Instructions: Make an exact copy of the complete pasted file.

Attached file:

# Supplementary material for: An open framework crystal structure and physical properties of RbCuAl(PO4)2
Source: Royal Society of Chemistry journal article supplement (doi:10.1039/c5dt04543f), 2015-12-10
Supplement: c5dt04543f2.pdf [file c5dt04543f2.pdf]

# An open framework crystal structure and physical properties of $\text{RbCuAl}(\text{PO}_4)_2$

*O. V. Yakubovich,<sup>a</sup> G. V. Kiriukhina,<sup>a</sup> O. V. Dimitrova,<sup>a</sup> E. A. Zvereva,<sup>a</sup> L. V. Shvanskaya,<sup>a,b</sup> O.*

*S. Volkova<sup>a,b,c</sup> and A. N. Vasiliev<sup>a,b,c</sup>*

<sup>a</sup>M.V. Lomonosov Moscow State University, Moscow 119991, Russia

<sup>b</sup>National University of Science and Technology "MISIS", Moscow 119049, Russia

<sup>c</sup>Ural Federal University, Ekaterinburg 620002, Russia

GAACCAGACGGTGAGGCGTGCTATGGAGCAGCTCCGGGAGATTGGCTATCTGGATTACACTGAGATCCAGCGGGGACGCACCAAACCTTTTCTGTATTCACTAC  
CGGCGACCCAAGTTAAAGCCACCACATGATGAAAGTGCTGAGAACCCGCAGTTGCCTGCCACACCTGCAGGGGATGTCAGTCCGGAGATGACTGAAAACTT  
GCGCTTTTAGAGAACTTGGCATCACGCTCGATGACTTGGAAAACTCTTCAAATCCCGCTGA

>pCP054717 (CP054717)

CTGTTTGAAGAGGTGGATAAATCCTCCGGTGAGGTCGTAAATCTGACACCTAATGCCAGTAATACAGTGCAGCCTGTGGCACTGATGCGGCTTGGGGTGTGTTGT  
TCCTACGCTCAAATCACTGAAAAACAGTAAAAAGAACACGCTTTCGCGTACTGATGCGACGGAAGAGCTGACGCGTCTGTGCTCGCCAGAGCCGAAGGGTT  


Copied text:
# Supplementary material for: An open framework crystal structure and physical properties of RbCuAl(PO4)2
Source: Royal Society of Chemistry journal article supplement (doi:10.1039/c5dt04543f), 2015-12-10
Supplement: c5dt04543f2.pdf [file c5dt04543f2.pdf]

# An open framework crystal structure and physical properties of $\text{RbCuAl}(\text{PO}_4)_2$

*O. V. Yakubovich,<sup>a</sup> G. V. Kiriukhina,<sup>a</sup> O. V. Dimitrova,<sup>a</sup> E. A. Zvereva,<sup>a</sup> L. V. Shvanskaya,<sup>a,b</sup> O.*

*S. Volkova<sup>a,b,c</sup> and A. N. Vasiliev<sup>a,b,c</sup>*

<sup>a</sup>M.V. Lomonosov Moscow State University, Moscow 119991, Russia

<sup>b</sup>National University of Science and Technology "MISIS", Moscow 119049, Russia

<sup>c</sup>Ural Federal University, Ekaterinburg 620002, Russia

GAACCAGACGGTGAGGCGTGCTATGGAGCAGCTCCGGGAGATTGGCTATCTGGATTACACTGAGATCCAGCGGGGACGCACCAAACCTTTTCTGTATTCACTAC  
CGGCGACCCAAGTTAAAGCCACCACATGATGAAAGTGCTGAGAACCCGCAGTTGCCTGCCACACCTGCAGGGGATGTCAGTCCGGAGATGACTGAAAACTT  
GCGCTTTTAGAGAACTTGGCATCACGCTCGATGACTTGGAAAACTCTTCAAATCCCGCTGA

>pCP054717 (CP054717)

CTGTTTGAAGAGGTGGATAAATCCTCCGGTGAGGTCGTAAATCTGACACCTAATGCCAGTAATACAGTGCAGCCTGTGGCACTGATGCGGCTTGGGGTGTGTTGT  
TCCTACGCTCAAATCACTGAAAAACAGTAAAAAGAACACGCTTTCGCGTACTGATGCGACGGAAGAGCTGACGCGTCTGTGCTCGCCAGAGCCGAAGGGTT  